At some point, Judge Paul Rasmussen, who serves both counties, released Lee on his own recognizance for the charges in both counties.
Lee balked at the plea deal and failed to show up for omnibus hearings in either county earlier this fall. Rasmussen then signed warrants for Lee's arrest. He is now charged with failure to appear, in addition to the fleeing and other charges, and is wanted by both counties. His current address is unknown.
Dearstyne meanwhile advised the Besslers to turn to the Crime Victims Reparations Board. Duane said he filled out the paperwork and is waiting to hear if someone will pay for his lost crops.
"I think crop insurance pays for hail, but probably not for criminal damage," Dearstyne said, adding that the case has been frustrating for both authorities and the victims.
How to decide?
The case highlights the controversial nature of police pursuits.
Hubbard County Sheriff Frank Homer said in June his deputies were called for assistance by one of the other pursuing agencies.
He said the department's seven-page pursuit policy, in deciding whether to pursue a vehicle, takes into consideration the seriousness of the crime committed, the risk to public safety and whether the suspects are known and could be apprehended later.
"If the conditions of the pursuit become too risky for safe continuation, that's probably the key right there," he said.
A supervisor must be notified if local deputies are involved in a chase and can terminate the pursuit if they feel the risk is too great.
At 2:30 a.m. in a remote part of the county, there is little risk to other motorists.
Homer said when Hubbard County relies on other agencies to assist in high-speed pursuits, local deputies have somewhat of an obligation to assist those agencies when the need arises.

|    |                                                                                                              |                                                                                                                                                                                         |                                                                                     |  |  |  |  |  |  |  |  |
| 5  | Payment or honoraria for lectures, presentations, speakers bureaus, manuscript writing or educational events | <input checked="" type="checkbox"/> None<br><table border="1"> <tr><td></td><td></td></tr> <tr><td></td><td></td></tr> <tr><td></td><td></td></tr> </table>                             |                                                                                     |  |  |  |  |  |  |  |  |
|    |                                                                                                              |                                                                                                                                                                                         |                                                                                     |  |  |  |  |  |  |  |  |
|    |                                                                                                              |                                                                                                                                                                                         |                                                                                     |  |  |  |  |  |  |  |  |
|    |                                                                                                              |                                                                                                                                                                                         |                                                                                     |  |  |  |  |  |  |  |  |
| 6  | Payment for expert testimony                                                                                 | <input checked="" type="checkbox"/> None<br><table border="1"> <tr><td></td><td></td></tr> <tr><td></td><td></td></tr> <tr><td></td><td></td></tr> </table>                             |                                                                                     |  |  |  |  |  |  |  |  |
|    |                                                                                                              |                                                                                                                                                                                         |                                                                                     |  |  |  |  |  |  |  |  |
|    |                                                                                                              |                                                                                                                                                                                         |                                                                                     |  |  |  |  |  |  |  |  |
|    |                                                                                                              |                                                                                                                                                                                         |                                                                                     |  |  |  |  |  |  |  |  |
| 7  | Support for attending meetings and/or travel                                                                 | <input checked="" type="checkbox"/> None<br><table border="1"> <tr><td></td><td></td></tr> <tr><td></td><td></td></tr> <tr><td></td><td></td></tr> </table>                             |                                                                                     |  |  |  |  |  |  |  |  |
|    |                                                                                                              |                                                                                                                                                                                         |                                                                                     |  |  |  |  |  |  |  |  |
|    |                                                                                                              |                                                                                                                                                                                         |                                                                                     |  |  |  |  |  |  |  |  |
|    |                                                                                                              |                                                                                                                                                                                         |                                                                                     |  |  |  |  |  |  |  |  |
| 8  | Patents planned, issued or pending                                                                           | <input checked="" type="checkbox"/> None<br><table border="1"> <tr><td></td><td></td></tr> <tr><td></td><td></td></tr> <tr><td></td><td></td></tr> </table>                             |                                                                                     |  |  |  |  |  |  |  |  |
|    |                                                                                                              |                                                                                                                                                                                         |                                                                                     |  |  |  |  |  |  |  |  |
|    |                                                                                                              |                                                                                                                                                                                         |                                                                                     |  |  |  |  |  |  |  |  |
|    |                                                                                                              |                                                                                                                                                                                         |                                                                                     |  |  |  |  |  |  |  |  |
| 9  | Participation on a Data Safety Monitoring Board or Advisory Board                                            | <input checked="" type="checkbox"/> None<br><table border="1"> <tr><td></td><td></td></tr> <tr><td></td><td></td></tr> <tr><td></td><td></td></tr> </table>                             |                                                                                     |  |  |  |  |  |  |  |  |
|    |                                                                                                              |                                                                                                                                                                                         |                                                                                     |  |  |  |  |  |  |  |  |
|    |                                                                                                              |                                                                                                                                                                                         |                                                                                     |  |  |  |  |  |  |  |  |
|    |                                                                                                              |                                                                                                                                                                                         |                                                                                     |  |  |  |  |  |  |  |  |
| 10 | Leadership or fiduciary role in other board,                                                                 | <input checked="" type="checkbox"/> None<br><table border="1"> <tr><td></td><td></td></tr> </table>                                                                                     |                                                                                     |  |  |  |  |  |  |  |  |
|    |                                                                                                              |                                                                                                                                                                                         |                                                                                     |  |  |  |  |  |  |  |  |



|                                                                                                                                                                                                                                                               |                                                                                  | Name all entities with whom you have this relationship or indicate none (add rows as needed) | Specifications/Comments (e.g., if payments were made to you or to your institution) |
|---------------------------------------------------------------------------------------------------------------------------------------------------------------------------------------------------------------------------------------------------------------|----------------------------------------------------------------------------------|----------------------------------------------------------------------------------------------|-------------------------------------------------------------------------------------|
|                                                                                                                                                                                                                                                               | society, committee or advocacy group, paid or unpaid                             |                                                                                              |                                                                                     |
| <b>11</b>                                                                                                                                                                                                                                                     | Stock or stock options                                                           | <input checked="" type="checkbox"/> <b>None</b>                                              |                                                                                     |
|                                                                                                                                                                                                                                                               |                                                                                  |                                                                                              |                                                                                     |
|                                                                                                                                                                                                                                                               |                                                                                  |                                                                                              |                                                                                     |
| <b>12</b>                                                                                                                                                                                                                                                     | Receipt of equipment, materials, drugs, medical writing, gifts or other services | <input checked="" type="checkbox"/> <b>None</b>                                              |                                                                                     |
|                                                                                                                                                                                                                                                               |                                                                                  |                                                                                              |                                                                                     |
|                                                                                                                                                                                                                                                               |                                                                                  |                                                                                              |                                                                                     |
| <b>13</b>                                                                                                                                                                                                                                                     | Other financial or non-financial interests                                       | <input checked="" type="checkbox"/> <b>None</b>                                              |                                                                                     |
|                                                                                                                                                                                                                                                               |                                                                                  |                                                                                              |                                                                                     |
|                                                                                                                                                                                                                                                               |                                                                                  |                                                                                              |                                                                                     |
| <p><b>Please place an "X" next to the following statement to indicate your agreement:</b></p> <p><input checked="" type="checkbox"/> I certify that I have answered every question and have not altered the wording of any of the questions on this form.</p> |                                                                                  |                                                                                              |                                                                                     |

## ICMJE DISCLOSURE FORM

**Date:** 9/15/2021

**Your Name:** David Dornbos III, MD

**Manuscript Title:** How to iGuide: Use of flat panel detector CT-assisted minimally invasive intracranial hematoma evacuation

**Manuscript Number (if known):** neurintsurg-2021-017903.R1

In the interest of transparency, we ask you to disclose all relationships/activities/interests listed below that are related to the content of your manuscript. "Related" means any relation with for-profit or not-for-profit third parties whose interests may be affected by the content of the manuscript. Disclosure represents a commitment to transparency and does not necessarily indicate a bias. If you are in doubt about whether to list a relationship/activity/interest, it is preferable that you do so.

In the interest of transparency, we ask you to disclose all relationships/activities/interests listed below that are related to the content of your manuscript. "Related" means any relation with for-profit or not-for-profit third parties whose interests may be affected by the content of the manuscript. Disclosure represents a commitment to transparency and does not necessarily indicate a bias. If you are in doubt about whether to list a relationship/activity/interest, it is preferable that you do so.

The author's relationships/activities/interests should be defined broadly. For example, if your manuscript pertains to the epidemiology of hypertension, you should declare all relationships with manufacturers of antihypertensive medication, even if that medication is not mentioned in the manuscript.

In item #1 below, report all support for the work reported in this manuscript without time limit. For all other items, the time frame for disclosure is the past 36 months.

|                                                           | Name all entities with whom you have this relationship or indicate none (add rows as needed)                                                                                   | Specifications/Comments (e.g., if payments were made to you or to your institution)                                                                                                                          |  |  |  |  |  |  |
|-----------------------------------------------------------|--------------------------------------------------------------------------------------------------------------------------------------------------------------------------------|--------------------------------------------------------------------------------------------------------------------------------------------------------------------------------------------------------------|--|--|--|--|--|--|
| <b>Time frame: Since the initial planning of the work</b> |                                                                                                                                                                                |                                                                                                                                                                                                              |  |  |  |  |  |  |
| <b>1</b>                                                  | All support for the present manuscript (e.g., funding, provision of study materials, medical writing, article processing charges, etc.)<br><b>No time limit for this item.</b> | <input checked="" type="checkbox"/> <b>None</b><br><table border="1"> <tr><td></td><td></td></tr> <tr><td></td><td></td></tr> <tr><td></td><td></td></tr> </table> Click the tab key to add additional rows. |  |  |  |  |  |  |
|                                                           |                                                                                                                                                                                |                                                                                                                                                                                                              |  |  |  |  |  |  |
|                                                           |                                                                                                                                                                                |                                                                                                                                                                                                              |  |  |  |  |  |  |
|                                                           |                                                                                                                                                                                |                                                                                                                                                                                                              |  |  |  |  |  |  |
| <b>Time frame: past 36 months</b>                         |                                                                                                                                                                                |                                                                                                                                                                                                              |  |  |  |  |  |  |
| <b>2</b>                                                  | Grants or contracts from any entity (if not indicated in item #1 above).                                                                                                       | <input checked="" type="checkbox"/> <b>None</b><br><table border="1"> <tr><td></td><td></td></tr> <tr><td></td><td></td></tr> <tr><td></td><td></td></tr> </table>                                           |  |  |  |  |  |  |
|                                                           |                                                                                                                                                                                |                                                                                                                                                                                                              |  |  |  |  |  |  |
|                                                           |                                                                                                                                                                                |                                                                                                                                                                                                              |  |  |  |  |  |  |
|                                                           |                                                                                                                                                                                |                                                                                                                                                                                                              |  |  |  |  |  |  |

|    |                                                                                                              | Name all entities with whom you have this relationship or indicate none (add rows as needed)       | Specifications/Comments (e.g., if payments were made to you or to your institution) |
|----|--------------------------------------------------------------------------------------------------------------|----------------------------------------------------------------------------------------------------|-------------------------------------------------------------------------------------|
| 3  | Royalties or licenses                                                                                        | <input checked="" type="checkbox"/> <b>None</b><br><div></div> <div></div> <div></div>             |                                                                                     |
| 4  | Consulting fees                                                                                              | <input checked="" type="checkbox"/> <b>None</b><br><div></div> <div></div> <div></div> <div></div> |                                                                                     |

Hubbard joined the chase about 2 a.m. when it crossed into the county from Highway 200, he said in June.
It continued to U.S. Highway 71, past the Bessler farm.
Duane Bessler believes it ended in his field when officers east of his farm placed "stop sticks," the spiked strips that puncture tires, just beyond his farm at the junction of county roads 91 and 92 to head off the stolen vehicle.
Instead, the pickup veered through his farmyard. The strips also were placed between his barn and an electrical pole to prevent the stolen pickup from leaving his field.
Reimbursement for damage caused by pursuing vehicles is "an insurance issue," Homer said. "If we are at fault, you bet. Insurance kicks in. If the individual we're chasing is at fault, their insurance kicks in so it turns into who's liable for what took place."
The Besslers were told Lee is likely indigent and couldn't make restitution.
"I filed the claim anyway," Duane said.
But as the chase ended on the far side of his field that morning, he did get a chuckle out of its end.
At least three of the deputies forgot the stop sticks were laced across Bessler's driveway and drove over them on the way out of the field. Three wreckers had to be brought in to tow out the casualties.